Now I had never seen a helicopter lift off before. It wasn't what I was expecting. It is alot less elegant than you'd think. The pilot sped up the rotors and it sort of lifts off the ground and hovers back and forth for a second or two then stabilizes and slowly climbs to about 50 feet or so, then tilts forward and it's off. Very cool. I was fascinated by it, as you can tell.

The patient was at our county's Level 1 trauma center in about 10 minutes probably. Which is important seeing as you only have about 30-40 minutes without a pulse before you start to lose function in an extremity and she was pulseless in her crooked leg.

I wonder how she's doing...
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  #99  
Old 11-25-2009, 04:49 AM
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niiice!

(that noise is awesome ain't it? )

helos are a very inelegant flying machine and take a very smooth hand to lift off/land totally smooth with no bobbles or hesitations

hope the woman and her leg are ok, and totally understand her point about the leather jacket . I mean c'mon, from her point of view the leg is already screwed, why mess up the jacket to?
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  #100  
Old 11-25-2009, 03:16 PM
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was it one of these leather jackets.. maybe it was a MJ original

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crazy though..
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  #101  
Old 11-25-2009, 03:37 PM
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Cool ass story.
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  #102  
Old 11-25-2009, 04:33 PM
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cool story..
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  #103  
Old 11-25-2009, 10:17 PM
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Nice one
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  #104  
Old 11-29-2009, 12:44 AM
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If she was wearing the MJ jacket, we woulda had to airlift the driver of the car.
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  #105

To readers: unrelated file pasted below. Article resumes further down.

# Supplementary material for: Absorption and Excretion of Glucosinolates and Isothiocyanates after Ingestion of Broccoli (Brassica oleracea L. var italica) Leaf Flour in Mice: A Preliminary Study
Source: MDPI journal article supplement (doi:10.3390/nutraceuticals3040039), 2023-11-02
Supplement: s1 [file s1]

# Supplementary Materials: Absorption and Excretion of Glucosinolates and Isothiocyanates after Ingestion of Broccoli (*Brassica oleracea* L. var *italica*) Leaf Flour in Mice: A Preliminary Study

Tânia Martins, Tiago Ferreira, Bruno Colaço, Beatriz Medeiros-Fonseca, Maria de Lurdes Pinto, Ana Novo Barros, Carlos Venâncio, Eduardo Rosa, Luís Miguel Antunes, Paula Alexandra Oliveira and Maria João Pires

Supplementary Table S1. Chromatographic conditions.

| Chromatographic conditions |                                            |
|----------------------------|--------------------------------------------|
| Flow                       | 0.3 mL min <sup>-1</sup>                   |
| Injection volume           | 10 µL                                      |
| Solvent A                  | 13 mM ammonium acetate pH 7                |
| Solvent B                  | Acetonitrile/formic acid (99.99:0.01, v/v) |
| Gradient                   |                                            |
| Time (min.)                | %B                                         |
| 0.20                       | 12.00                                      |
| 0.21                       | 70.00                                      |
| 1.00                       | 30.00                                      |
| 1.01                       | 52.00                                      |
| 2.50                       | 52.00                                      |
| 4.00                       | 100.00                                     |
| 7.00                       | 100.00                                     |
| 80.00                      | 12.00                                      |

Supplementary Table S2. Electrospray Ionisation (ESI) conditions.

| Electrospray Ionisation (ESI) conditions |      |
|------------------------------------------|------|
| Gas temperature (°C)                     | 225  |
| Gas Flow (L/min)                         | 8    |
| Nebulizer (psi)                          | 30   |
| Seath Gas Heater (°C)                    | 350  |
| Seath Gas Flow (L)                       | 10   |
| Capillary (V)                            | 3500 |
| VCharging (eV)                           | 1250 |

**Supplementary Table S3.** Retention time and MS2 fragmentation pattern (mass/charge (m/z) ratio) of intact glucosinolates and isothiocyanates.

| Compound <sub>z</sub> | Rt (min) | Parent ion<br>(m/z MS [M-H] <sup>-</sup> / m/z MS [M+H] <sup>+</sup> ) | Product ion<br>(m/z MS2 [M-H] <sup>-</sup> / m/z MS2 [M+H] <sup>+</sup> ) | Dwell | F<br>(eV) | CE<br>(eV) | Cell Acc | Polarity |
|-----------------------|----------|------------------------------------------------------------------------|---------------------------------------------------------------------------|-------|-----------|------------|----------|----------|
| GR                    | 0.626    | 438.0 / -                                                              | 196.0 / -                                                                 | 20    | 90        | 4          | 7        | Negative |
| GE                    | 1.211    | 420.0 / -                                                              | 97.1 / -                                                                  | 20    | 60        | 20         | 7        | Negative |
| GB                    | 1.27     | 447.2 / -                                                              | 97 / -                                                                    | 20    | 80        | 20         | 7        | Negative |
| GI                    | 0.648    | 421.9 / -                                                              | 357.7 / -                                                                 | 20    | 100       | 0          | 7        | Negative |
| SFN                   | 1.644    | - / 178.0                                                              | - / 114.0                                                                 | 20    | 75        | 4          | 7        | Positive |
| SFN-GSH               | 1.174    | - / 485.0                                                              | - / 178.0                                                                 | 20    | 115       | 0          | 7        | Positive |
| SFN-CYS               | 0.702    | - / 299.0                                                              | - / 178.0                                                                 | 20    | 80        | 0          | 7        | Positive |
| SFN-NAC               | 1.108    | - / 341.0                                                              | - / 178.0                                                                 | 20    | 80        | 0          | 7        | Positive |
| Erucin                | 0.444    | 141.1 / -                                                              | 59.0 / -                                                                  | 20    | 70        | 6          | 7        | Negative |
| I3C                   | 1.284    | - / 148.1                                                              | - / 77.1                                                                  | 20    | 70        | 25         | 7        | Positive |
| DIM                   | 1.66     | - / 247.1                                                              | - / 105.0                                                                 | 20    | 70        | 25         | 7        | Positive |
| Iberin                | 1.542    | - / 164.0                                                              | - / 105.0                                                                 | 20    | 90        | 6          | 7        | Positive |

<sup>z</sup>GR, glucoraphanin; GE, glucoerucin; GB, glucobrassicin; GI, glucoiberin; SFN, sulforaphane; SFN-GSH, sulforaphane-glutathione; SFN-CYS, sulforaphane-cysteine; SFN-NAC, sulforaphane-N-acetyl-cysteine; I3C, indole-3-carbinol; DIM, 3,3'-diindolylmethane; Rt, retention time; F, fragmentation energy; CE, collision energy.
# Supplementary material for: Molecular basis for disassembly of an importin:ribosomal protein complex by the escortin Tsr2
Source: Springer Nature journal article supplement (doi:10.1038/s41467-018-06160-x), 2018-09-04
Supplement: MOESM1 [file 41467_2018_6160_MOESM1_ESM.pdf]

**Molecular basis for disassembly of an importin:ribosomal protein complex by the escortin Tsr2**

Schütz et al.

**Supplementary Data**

Old 12-12-2009, 05:14 AM
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This was an interesting one just because of the people. Made me think for a second about the world.

Call comes over as manpower needed for a pedestrian struck on a street that isn't in a very nice area. 12 year old African American boy was walking in the street wearing dark clothes when he was hit on his upper left leg by a slow moving car. Car couldn't have been gong too quickly cuz the kid said he caught his balance after he was hit. His brother was with him, although not at the time of the accident. Now, my immediate reaction was what the **** are you doing walking in the street in the dark wearing dark clothes? Then I think, well maybe the driver wasn't paying attention. We board and collar the kid as a precaution even though we probably didn't have to. He's fine but bruised. The brother gets talking a little in the ambulance on the way to the hospital (maybe three years older) about when HE got hit on the SAME street a few years ago and how it was a little worse. So now I'm thinking we are merely interfering with Darwin here.

It was the first time I thought that all of the advances in medical care over the past few decades are probably slowing evolution down quite a bit. Seriously, I'm not joking about this. Evolutionarily, I believe that we have plateaued. It was a strange thought. By no means do I think what I do, what EMS providers do, is detrimental and should be stopped but at the same time I think back to points in history when massive amount of people were wiped out (Bubonic plague, Influenza, even AIDS to some extent). The stronger people survived and the human race is better for it.

I hope that in the next few decades we can push further into our medical bag of tricks and create better, healthier, longer lives for people. I want to be a part of that. But sometimes I just look at the people we are saving and the situations they get themselves into and just wonder.